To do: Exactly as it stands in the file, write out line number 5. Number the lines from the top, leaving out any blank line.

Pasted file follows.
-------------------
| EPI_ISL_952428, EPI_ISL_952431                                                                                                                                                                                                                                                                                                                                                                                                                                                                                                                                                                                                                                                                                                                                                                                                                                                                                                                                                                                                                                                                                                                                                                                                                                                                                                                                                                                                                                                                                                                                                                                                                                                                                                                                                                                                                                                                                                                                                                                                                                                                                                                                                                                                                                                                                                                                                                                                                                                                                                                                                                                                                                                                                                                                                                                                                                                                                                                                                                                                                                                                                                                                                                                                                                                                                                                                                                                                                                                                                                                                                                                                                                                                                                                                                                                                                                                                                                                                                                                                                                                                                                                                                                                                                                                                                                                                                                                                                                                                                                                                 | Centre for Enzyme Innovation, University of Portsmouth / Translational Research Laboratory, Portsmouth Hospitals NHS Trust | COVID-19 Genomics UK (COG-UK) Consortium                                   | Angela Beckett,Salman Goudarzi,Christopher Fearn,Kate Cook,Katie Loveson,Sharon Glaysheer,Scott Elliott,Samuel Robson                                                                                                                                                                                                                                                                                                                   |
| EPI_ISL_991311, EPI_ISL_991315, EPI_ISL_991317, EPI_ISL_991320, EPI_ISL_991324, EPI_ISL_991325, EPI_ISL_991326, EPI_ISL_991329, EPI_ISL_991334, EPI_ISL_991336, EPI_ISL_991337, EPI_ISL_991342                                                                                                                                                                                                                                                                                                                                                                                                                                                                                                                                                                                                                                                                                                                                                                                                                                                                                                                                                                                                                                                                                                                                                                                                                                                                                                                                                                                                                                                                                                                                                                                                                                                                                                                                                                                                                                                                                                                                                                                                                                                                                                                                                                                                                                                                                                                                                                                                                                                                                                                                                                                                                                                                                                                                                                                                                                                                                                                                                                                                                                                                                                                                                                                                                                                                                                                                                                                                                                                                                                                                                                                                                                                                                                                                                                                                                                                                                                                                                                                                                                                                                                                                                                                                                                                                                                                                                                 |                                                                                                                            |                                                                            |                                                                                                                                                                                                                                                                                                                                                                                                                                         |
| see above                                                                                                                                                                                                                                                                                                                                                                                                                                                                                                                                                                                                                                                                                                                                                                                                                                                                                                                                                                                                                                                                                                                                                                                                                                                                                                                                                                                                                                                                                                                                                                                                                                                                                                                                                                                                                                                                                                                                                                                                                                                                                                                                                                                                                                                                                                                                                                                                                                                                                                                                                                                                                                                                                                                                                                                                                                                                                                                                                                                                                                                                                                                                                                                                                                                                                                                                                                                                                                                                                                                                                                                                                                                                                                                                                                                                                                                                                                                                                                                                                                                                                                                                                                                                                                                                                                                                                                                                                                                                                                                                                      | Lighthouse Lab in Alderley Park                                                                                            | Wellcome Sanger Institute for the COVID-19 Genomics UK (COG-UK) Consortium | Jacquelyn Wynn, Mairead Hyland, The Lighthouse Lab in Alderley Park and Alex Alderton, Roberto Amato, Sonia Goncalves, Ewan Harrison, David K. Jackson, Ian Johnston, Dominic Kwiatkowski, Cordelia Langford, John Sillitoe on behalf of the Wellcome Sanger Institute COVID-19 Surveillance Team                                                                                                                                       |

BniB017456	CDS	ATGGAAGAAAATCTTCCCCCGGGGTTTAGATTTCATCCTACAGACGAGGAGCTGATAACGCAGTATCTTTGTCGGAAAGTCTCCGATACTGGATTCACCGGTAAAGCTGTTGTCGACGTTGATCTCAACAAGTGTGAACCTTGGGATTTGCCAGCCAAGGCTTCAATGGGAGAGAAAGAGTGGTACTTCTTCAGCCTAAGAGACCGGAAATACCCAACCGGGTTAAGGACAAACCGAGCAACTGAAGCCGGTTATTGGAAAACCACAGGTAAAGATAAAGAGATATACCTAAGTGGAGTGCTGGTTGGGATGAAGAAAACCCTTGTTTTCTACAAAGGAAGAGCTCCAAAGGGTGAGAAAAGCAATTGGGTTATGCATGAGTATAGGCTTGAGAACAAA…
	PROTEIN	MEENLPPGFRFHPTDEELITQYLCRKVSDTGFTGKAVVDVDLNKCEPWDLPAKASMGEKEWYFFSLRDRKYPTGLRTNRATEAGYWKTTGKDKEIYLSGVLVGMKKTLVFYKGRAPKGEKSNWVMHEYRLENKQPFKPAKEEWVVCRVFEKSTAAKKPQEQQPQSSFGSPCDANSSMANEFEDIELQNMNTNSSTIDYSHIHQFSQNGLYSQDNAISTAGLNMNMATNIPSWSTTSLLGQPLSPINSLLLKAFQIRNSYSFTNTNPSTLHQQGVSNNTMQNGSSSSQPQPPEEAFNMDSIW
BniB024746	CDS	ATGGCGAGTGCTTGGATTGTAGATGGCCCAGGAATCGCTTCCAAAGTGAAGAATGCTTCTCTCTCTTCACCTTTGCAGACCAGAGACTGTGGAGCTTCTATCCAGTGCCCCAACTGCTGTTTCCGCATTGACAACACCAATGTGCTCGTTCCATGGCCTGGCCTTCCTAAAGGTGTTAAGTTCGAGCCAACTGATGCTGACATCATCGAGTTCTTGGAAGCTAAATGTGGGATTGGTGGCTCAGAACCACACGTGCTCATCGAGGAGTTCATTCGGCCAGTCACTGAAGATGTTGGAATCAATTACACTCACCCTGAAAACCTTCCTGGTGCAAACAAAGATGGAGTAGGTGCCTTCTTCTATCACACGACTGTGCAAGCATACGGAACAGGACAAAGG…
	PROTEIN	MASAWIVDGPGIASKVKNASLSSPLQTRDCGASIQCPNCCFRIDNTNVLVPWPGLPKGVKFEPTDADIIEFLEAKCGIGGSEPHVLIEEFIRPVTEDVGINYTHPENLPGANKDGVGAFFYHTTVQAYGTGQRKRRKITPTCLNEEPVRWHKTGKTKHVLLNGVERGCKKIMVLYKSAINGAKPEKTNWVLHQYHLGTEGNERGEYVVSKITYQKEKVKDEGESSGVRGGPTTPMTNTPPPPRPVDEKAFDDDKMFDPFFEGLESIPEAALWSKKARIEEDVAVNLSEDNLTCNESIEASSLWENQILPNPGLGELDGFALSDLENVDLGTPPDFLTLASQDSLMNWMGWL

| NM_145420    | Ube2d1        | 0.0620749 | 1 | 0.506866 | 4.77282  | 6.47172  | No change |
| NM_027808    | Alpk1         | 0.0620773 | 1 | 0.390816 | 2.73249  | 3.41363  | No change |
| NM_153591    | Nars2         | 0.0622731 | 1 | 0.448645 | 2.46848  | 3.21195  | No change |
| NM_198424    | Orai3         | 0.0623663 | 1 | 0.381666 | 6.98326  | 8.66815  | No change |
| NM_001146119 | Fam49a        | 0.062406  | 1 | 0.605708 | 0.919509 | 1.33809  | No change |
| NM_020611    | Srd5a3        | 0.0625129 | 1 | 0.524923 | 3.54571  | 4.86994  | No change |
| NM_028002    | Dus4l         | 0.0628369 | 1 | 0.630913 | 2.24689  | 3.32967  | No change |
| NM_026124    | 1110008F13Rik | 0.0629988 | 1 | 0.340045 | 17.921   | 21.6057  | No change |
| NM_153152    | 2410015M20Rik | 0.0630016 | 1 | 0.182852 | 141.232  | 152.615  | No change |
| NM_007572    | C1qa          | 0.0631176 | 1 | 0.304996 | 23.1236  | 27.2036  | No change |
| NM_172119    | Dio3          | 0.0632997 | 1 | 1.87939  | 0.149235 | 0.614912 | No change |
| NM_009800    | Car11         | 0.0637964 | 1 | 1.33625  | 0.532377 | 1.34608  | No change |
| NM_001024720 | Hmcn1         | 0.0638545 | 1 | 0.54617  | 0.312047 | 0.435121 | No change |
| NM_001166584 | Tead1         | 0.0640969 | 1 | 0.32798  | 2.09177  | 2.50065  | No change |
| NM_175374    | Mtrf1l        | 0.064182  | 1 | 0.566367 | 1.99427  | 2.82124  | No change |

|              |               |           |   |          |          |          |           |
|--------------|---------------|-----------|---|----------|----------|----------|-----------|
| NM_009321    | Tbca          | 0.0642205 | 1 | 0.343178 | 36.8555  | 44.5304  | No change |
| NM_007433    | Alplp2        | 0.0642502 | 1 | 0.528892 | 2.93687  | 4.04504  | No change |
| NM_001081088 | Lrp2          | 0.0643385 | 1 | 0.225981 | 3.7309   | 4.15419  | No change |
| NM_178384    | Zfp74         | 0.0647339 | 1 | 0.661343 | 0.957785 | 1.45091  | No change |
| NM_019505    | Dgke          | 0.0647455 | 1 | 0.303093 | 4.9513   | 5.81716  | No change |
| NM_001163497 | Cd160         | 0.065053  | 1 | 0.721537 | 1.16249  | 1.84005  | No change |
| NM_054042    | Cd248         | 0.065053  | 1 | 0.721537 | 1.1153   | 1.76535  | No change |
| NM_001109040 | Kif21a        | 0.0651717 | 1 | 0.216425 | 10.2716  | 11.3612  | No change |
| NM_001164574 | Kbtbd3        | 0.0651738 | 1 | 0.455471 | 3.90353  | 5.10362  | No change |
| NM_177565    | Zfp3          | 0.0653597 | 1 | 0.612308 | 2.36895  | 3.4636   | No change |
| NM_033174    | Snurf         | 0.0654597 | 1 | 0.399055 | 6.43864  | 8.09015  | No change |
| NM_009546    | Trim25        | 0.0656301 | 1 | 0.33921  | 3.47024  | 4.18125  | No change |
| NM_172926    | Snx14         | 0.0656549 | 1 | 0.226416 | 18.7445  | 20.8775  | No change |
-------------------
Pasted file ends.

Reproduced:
	PROTEIN	MEENLPPGFRFHPTDEELITQYLCRKVSDTGFTGKAVVDVDLNKCEPWDLPAKASMGEKEWYFFSLRDRKYPTGLRTNRATEAGYWKTTGKDKEIYLSGVLVGMKKTLVFYKGRAPKGEKSNWVMHEYRLENKQPFKPAKEEWVVCRVFEKSTAAKKPQEQQPQSSFGSPCDANSSMANEFEDIELQNMNTNSSTIDYSHIHQFSQNGLYSQDNAISTAGLNMNMATNIPSWSTTSLLGQPLSPINSLLLKAFQIRNSYSFTNTNPSTLHQQGVSNNTMQNGSSSSQPQPPEEAFNMDSIW